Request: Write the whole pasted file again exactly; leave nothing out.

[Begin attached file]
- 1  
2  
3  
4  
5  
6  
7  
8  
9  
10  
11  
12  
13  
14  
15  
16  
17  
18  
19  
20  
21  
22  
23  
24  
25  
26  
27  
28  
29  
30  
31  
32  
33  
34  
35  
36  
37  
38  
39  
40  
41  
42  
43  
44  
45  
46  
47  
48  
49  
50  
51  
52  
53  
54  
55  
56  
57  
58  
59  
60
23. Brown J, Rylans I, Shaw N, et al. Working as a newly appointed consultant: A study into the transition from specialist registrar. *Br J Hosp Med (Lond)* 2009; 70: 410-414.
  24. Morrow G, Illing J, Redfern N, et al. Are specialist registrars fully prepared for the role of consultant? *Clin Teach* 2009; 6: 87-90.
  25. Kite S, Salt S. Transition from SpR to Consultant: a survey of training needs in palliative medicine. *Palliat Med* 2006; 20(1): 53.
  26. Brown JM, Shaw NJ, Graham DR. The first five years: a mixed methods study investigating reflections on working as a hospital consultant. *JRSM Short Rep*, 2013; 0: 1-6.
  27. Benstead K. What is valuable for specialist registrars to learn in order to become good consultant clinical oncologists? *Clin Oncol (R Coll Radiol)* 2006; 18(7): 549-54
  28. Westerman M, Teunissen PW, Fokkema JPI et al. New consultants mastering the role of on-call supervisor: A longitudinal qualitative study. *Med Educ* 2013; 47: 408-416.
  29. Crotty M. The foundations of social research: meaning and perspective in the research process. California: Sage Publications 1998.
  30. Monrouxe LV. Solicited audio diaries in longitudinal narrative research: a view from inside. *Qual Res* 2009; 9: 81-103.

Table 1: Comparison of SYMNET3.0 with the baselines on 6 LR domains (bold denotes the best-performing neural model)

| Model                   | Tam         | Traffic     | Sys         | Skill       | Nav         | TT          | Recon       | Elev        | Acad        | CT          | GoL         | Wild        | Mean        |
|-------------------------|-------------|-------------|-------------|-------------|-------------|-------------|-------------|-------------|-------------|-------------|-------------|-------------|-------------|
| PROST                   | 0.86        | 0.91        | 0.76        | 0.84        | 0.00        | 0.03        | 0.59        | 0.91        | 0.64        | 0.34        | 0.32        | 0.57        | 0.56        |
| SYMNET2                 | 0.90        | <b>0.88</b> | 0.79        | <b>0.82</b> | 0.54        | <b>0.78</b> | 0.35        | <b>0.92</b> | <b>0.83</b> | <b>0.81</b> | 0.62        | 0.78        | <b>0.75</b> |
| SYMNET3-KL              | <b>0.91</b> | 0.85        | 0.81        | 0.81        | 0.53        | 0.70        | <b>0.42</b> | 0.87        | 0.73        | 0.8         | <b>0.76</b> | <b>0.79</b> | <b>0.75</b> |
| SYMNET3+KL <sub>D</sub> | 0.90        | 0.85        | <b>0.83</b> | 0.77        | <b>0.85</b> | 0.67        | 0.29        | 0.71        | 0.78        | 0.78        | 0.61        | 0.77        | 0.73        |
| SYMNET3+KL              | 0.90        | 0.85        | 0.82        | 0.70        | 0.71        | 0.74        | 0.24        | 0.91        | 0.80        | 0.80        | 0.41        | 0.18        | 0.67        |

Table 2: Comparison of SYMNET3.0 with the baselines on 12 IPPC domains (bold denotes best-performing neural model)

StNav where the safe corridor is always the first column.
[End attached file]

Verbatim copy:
- 1  
2  
3  
4  
5  
6  
7  
8  
9  
10  
11  
12  
13  
14  
15  
16  
17  
18  
19  
20  
21  
22  
23  
24  
25  
26  
27  
28  
29  
30  
31  
32  
33  
34  
35  
36  
37  
38  
39  
40  
41  
42  
43  
44  
45  
46  
47  
48  
49  
50  
51  
52  
53  
54  
55  
56  
57  
58  
59  
60
23. Brown J, Rylans I, Shaw N, et al. Working as a newly appointed consultant: A study into the transition from specialist registrar. *Br J Hosp Med (Lond)* 2009; 70: 410-414.
  24. Morrow G, Illing J, Redfern N, et al. Are specialist registrars fully prepared for the role of consultant? *Clin Teach* 2009; 6: 87-90.
  25. Kite S, Salt S. Transition from SpR to Consultant: a survey of training needs in palliative medicine. *Palliat Med* 2006; 20(1): 53.
  26. Brown JM, Shaw NJ, Graham DR. The first five years: a mixed methods study investigating reflections on working as a hospital consultant. *JRSM Short Rep*, 2013; 0: 1-6.
  27. Benstead K. What is valuable for specialist registrars to learn in order to become good consultant clinical oncologists? *Clin Oncol (R Coll Radiol)* 2006; 18(7): 549-54
  28. Westerman M, Teunissen PW, Fokkema JPI et al. New consultants mastering the role of on-call supervisor: A longitudinal qualitative study. *Med Educ* 2013; 47: 408-416.
  29. Crotty M. The foundations of social research: meaning and perspective in the research process. California: Sage Publications 1998.
  30. Monrouxe LV. Solicited audio diaries in longitudinal narrative research: a view from inside. *Qual Res* 2009; 9: 81-103.

Table 1: Comparison of SYMNET3.0 with the baselines on 6 LR domains (bold denotes the best-performing neural model)

| Model                   | Tam         | Traffic     | Sys         | Skill       | Nav         | TT          | Recon       | Elev        | Acad        | CT          | GoL         | Wild        | Mean        |
|-------------------------|-------------|-------------|-------------|-------------|-------------|-------------|-------------|-------------|-------------|-------------|-------------|-------------|-------------|
| PROST                   | 0.86        | 0.91        | 0.76        | 0.84        | 0.00        | 0.03        | 0.59        | 0.91        | 0.64        | 0.34        | 0.32        | 0.57        | 0.56        |
| SYMNET2                 | 0.90        | <b>0.88</b> | 0.79        | <b>0.82</b> | 0.54        | <b>0.78</b> | 0.35        | <b>0.92</b> | <b>0.83</b> | <b>0.81</b> | 0.62        | 0.78        | <b>0.75</b> |
| SYMNET3-KL              | <b>0.91</b> | 0.85        | 0.81        | 0.81        | 0.53        | 0.70        | <b>0.42</b> | 0.87        | 0.73        | 0.8         | <b>0.76</b> | <b>0.79</b> | <b>0.75</b> |
| SYMNET3+KL <sub>D</sub> | 0.90        | 0.85        | <b>0.83</b> | 0.77        | <b>0.85</b> | 0.67        | 0.29        | 0.71        | 0.78        | 0.78        | 0.61        | 0.77        | 0.73        |
| SYMNET3+KL              | 0.90        | 0.85        | 0.82        | 0.70        | 0.71        | 0.74        | 0.24        | 0.91        | 0.80        | 0.80        | 0.41        | 0.18        | 0.67        |

Table 2: Comparison of SYMNET3.0 with the baselines on 12 IPPC domains (bold denotes best-performing neural model)

StNav where the safe corridor is always the first column.